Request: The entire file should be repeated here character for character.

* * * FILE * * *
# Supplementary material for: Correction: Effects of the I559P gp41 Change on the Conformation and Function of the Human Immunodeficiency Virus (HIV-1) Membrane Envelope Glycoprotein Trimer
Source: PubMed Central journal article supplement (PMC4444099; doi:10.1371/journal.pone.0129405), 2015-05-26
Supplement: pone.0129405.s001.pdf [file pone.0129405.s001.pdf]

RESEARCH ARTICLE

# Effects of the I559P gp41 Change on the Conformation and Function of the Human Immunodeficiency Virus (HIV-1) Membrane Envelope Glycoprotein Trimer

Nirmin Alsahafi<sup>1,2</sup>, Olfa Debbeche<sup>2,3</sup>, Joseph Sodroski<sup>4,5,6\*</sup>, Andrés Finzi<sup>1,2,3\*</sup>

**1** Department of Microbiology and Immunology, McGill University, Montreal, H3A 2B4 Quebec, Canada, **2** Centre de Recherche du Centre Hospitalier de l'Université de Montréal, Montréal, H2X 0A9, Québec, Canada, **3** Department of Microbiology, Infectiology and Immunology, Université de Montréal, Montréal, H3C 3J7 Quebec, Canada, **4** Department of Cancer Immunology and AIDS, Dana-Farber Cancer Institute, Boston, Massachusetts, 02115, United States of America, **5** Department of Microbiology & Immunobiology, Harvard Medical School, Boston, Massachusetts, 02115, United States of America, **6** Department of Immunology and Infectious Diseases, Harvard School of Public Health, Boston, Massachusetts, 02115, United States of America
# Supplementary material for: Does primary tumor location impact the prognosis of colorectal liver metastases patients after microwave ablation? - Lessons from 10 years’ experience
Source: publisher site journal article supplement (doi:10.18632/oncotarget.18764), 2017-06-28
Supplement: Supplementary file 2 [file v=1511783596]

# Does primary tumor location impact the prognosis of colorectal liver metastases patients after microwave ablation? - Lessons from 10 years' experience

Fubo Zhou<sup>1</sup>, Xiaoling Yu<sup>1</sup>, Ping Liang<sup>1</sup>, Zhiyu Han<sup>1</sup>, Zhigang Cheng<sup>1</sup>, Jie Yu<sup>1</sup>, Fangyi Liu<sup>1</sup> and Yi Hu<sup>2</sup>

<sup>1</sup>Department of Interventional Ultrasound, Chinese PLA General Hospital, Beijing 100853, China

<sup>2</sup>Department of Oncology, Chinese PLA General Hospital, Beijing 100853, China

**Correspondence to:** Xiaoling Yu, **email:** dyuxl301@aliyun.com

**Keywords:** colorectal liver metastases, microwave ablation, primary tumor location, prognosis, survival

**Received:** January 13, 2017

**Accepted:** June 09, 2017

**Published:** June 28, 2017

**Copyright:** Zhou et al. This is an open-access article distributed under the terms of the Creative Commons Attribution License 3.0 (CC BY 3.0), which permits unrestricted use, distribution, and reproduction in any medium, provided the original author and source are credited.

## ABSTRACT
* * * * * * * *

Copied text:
# Supplementary material for: Correction: Effects of the I559P gp41 Change on the Conformation and Function of the Human Immunodeficiency Virus (HIV-1) Membrane Envelope Glycoprotein Trimer
Source: PubMed Central journal article supplement (PMC4444099; doi:10.1371/journal.pone.0129405), 2015-05-26
Supplement: pone.0129405.s001.pdf [file pone.0129405.s001.pdf]

RESEARCH ARTICLE

# Effects of the I559P gp41 Change on the Conformation and Function of the Human Immunodeficiency Virus (HIV-1) Membrane Envelope Glycoprotein Trimer

Nirmin Alsahafi<sup>1,2</sup>, Olfa Debbeche<sup>2,3</sup>, Joseph Sodroski<sup>4,5,6\*</sup>, Andrés Finzi<sup>1,2,3\*</sup>

**1** Department of Microbiology and Immunology, McGill University, Montreal, H3A 2B4 Quebec, Canada, **2** Centre de Recherche du Centre Hospitalier de l'Université de Montréal, Montréal, H2X 0A9, Québec, Canada, **3** Department of Microbiology, Infectiology and Immunology, Université de Montréal, Montréal, H3C 3J7 Quebec, Canada, **4** Department of Cancer Immunology and AIDS, Dana-Farber Cancer Institute, Boston, Massachusetts, 02115, United States of America, **5** Department of Microbiology & Immunobiology, Harvard Medical School, Boston, Massachusetts, 02115, United States of America, **6** Department of Immunology and Infectious Diseases, Harvard School of Public Health, Boston, Massachusetts, 02115, United States of America
# Supplementary material for: Does primary tumor location impact the prognosis of colorectal liver metastases patients after microwave ablation? - Lessons from 10 years’ experience
Source: publisher site journal article supplement (doi:10.18632/oncotarget.18764), 2017-06-28
Supplement: Supplementary file 2 [file v=1511783596]

# Does primary tumor location impact the prognosis of colorectal liver metastases patients after microwave ablation? - Lessons from 10 years' experience

Fubo Zhou<sup>1</sup>, Xiaoling Yu<sup>1</sup>, Ping Liang<sup>1</sup>, Zhiyu Han<sup>1</sup>, Zhigang Cheng<sup>1</sup>, Jie Yu<sup>1</sup>, Fangyi Liu<sup>1</sup> and Yi Hu<sup>2</sup>

<sup>1</sup>Department of Interventional Ultrasound, Chinese PLA General Hospital, Beijing 100853, China

<sup>2</sup>Department of Oncology, Chinese PLA General Hospital, Beijing 100853, China

**Correspondence to:** Xiaoling Yu, **email:** dyuxl301@aliyun.com

**Keywords:** colorectal liver metastases, microwave ablation, primary tumor location, prognosis, survival

**Received:** January 13, 2017

**Accepted:** June 09, 2017

**Published:** June 28, 2017

**Copyright:** Zhou et al. This is an open-access article distributed under the terms of the Creative Commons Attribution License 3.0 (CC BY 3.0), which permits unrestricted use, distribution, and reproduction in any medium, provided the original author and source are credited.

## ABSTRACT